Opinion | The Arab Israeli Feels the Pain Twice

As a Bedouin, Ziadna had intimate knowledge of the terrain that proved lifesaving. He was able to cut a route through fields and avoid the main thoroughfare near where Hamas terrorists were ambushing escapees from the music festival. Many other escaping cars then also jumped off the road and followed Ziadna’s minibus through the fields, he said. He told The Times of Israel, which profiled him, that he crammed some 30 people into his vehicle, even though it was licensed for only 14 passengers.

A few days later, he said he got a call from a phone number he did not recognize but that he believed was from Gaza, and a voice said in Arabic: “Are you Youssef Ziadna? You saved the lives of Jews? We’re going to kill you.”

He reported the call to the Israeli police. It’s just one reason, he said, that he still needs daily phone calls with a psychologist to try to overcome his trauma from Oct. 7.

Another family member at our gathering, Daham Ziadna, 35, said a total of four of their family members were abducted by Hamas; one was killed for sure, and three others are still missing. Two of them were last seen lying on the ground in a TikTok video released by Hamas, with two gun-toting Hamas fighters standing over them. For Hamas, said Daham, “everyone who lives in Israel is a Jew.”

Daham told me that a few days ago he had gone to the local bank to withdraw some money from the A.T.M., and two Israeli Jews passed him on the sidewalk. “One had a Russian accent. As they walked past me, the Russian guy said, ‘Here’s another Arab.’ I said to him: ‘These “Arabs” you are talking about on the morning of Oct. 7 were on the border of Gaza fighting for the Israeli state — regardless of Jews or Arabs — and the ones who destroy the country are people like you who incite poison.’”

Israeli Arabs live between a rock and a hard place, he added: “Many Jews look at us as if we are all Hamas, and the Hamas people look at us as if we are all Jews.”

A few miles away, in Rahat, el-Sana introduced me to the al-Qrinawi family, who had their own remarkable tale to tell. Their family spokesman, Ismail, led me through the drama, flanked by his male cousins and a giant platter of rice, chicken and chickpeas.

On the morning of Oct. 7, as word spread of the Hamas attack, they discovered through their family’s WhatsApp group that three of their cousins who worked in the dining room at Kibbutz Be’eri had apparently been abducted. Around 10 a.m., one family member got a call from the phone of an Israeli woman named Aya Medan that was strange. It turned out she had met up with one of their missing cousins, Hisham, and they were hiding together from the Hamas terrorists in the same thorny bush near Be’eri. Hisham used her cellphone to call his Bedouin clan for help. Their other two cousins had fled in another direction.

Their uncle, the family patriarch, ordered four of his nephews to get in the family Land Cruiser and go rescue them, since the area was normally about 30 minutes away — but not that day. They grabbed two handguns and sped off.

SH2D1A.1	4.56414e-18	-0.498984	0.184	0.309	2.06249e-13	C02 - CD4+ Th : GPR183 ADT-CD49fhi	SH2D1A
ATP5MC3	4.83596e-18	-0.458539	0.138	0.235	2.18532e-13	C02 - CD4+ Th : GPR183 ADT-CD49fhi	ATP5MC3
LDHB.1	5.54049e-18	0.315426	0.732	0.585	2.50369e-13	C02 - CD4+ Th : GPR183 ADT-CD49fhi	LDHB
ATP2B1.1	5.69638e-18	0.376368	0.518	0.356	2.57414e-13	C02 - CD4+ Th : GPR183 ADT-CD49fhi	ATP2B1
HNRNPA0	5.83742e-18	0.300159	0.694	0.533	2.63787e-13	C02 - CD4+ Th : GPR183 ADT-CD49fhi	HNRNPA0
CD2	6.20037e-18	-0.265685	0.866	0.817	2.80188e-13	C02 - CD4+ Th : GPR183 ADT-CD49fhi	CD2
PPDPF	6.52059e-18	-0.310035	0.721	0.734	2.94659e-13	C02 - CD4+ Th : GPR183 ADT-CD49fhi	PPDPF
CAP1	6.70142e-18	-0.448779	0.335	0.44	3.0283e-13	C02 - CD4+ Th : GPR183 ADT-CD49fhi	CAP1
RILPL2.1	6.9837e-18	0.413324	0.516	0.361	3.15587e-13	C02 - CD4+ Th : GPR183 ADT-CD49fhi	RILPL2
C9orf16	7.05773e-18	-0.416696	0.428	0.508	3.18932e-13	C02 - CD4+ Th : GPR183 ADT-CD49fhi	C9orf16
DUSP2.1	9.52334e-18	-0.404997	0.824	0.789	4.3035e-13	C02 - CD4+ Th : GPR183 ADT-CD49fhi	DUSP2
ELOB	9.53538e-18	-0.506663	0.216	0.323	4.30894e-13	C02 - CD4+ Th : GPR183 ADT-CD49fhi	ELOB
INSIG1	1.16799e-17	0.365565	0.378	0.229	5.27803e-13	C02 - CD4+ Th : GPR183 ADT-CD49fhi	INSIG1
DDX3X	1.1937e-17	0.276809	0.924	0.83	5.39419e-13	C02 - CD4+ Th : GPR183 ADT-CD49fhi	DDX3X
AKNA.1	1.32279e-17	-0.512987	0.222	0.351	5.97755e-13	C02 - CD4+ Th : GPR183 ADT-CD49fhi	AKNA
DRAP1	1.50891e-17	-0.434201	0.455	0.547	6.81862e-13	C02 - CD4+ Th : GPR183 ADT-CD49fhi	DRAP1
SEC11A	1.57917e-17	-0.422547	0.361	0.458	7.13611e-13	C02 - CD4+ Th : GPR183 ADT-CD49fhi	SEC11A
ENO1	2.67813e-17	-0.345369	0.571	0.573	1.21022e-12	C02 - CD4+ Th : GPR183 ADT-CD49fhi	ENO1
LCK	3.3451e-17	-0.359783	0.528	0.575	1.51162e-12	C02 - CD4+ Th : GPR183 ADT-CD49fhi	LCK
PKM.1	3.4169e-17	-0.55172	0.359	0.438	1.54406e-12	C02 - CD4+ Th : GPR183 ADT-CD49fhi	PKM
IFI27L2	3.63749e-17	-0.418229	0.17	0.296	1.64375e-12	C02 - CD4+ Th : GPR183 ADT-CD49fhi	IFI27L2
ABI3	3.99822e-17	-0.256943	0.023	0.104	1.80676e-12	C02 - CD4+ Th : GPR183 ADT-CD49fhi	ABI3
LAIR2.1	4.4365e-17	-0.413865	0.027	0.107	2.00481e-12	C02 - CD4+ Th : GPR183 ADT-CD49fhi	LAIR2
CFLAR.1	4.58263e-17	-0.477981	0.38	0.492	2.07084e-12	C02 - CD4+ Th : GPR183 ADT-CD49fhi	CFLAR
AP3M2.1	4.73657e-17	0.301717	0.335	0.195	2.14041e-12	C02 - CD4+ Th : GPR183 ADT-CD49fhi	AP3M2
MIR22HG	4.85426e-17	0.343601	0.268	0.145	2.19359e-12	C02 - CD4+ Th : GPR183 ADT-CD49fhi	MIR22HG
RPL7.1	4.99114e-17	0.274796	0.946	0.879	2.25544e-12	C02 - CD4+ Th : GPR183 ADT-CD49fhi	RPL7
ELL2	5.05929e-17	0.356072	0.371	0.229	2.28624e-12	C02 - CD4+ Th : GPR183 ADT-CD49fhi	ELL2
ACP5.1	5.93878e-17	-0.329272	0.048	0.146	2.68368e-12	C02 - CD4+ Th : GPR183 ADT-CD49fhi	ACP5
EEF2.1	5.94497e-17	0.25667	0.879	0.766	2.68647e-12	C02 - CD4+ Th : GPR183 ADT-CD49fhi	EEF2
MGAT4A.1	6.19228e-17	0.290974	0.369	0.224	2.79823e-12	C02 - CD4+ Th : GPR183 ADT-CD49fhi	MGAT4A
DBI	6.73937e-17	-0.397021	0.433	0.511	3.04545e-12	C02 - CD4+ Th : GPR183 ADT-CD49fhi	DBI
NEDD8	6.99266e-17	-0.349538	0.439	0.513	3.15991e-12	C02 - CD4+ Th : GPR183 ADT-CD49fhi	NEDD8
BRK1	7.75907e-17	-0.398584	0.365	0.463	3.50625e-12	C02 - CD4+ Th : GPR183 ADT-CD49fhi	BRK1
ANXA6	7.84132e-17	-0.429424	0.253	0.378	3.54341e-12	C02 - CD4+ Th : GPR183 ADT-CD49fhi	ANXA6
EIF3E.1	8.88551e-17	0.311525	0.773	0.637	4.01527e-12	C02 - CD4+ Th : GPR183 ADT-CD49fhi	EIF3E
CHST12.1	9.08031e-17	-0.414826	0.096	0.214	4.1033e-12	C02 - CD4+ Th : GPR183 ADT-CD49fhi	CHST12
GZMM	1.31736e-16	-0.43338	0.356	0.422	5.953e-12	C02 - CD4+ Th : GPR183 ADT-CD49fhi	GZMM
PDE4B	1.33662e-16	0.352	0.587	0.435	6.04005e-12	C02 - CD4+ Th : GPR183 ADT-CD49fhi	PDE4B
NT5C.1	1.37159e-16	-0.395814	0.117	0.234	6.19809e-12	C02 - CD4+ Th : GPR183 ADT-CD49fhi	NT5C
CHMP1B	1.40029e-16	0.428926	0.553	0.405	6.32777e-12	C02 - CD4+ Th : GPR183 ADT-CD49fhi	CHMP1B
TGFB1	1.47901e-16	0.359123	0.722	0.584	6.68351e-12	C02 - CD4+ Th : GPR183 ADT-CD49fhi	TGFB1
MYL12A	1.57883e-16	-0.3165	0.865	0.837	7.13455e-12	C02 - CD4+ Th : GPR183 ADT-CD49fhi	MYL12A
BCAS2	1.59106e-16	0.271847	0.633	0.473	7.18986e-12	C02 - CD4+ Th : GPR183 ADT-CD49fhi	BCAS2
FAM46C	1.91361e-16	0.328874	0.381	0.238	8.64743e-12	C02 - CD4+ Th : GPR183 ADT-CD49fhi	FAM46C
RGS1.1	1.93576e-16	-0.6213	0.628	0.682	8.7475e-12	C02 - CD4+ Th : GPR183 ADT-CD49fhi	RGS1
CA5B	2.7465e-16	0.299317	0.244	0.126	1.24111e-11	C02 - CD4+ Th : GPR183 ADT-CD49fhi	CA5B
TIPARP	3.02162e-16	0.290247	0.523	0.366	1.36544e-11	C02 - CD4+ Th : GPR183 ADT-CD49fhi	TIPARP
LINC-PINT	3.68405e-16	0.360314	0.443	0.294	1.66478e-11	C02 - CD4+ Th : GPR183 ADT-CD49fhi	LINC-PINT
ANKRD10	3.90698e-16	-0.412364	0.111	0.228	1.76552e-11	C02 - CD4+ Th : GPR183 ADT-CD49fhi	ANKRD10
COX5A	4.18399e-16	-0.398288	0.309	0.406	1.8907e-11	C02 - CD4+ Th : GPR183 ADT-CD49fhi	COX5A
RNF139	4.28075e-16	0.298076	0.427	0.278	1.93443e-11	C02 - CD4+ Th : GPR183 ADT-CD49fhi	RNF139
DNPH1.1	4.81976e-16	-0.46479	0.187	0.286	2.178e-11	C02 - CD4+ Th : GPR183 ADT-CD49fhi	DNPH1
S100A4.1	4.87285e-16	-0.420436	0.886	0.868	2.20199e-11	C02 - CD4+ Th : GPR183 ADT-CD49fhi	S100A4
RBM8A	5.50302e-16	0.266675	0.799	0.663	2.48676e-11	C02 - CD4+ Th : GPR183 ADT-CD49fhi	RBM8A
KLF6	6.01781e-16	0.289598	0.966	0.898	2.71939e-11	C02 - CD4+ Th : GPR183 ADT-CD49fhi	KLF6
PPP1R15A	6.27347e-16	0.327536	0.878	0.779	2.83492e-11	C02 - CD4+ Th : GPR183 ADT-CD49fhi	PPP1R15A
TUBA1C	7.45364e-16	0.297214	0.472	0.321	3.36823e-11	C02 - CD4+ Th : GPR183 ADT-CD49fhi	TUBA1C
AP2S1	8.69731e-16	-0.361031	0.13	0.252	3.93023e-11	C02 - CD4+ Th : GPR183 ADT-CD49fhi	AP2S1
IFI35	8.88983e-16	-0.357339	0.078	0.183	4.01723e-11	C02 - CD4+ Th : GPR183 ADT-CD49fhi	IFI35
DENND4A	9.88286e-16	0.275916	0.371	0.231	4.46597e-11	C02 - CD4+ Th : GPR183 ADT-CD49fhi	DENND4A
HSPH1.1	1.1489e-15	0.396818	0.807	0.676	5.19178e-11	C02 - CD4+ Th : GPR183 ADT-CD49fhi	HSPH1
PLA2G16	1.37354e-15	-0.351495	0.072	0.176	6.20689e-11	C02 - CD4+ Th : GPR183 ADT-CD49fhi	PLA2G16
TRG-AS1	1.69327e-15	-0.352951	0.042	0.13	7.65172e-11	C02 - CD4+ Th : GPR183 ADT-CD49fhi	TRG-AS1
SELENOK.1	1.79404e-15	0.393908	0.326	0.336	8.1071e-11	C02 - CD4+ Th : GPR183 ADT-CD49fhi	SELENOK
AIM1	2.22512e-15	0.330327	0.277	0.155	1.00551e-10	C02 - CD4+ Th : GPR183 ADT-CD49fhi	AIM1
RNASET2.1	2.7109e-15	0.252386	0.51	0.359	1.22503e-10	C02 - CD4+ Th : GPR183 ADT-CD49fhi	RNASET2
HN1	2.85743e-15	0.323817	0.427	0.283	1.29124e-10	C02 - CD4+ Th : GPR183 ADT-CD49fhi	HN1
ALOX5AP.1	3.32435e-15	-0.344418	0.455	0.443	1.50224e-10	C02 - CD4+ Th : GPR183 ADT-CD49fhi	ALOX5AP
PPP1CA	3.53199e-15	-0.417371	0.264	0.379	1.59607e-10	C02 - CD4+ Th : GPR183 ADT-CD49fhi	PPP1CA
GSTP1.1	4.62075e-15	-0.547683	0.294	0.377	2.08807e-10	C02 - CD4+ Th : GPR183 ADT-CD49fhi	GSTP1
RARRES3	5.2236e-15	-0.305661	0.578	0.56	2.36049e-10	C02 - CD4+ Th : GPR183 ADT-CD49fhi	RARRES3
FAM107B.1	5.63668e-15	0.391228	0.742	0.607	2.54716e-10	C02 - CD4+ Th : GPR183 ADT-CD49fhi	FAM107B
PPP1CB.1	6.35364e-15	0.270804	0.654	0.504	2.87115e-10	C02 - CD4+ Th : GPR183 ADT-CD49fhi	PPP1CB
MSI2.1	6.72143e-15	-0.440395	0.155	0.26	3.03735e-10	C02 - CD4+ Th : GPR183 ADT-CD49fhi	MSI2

“When we got close, we found that all the roads were closed,” Ismail told me. “So we went through the woods and through a deep wadi in order to go around. Our car almost flipped over in the wadi.”

First, “we bumped into people running away from the party,” he said. “We gave them our phones to call their parents and made sure that they got into other cars that were driven by Israelis. We managed to rescue 30 or 40 people at the party. But all the time, I am talking to Aya, trying to locate her and Hisham.”

It was taking forever. After two and half hours of dodging gunfire and Hamas rockets, Ismail said, they managed to find Aya and Hisham hiding in bushes very close to Kibbutz Be’eri. The two had sent a cellphone picture of the area where they were hiding so they could be more easily located. Minutes later, Aya recalled for The Times of Israel, Hisham tugged at her, saying, “Aya, they’re here, they’re actually here.”

The cousins opened the car doors, Aya and Hisham scrambled inside and the Bedouins again used their off-road skills to get them to safety. Sort of.

The most terrifying moment of the day, Ismail told me, was when they got back onto a main road. They got stopped at a makeshift Israeli Army checkpoint, with jittery Israeli soldiers who could not identify friend or foe from afar. “The Israeli soldiers surrounded our car and every one of them was pointing a gun at us. I shouted: ‘We’re Israeli citizens! Don’t shoot!’”

Aya told The Times of Israel that she was asked by an Israeli soldier whether she was being kidnapped. She said, “No, I’m from Be’eri, and they came from Rahat to get us out of there.”

Bedouins saving Israeli Jews from Hamas being saved by a rescued Israeli Jewish woman from being shot by the Israeli Army after they rescued her … kaleidoscopic.

While I was interviewing the al-Qrinawi family, they introduced me to Shir Nosatzki, a co-founder of the Israeli group Have You Seen the Horizon Lately, which promotes Jewish-Arab partnerships. Immediately after learning of the rescue, her husband, Regev Contes, made a seven-minute video in Hebrew to share the tale of the Bedouin rescue team with his fellow Israelis. It has reportedly garnered hundreds of thousands of views in Israel. I asked Nosatzki why they made the video.

“It was to show that Oct. 7 was not a war between Jews and Arabs but between darkness and light,” she said.


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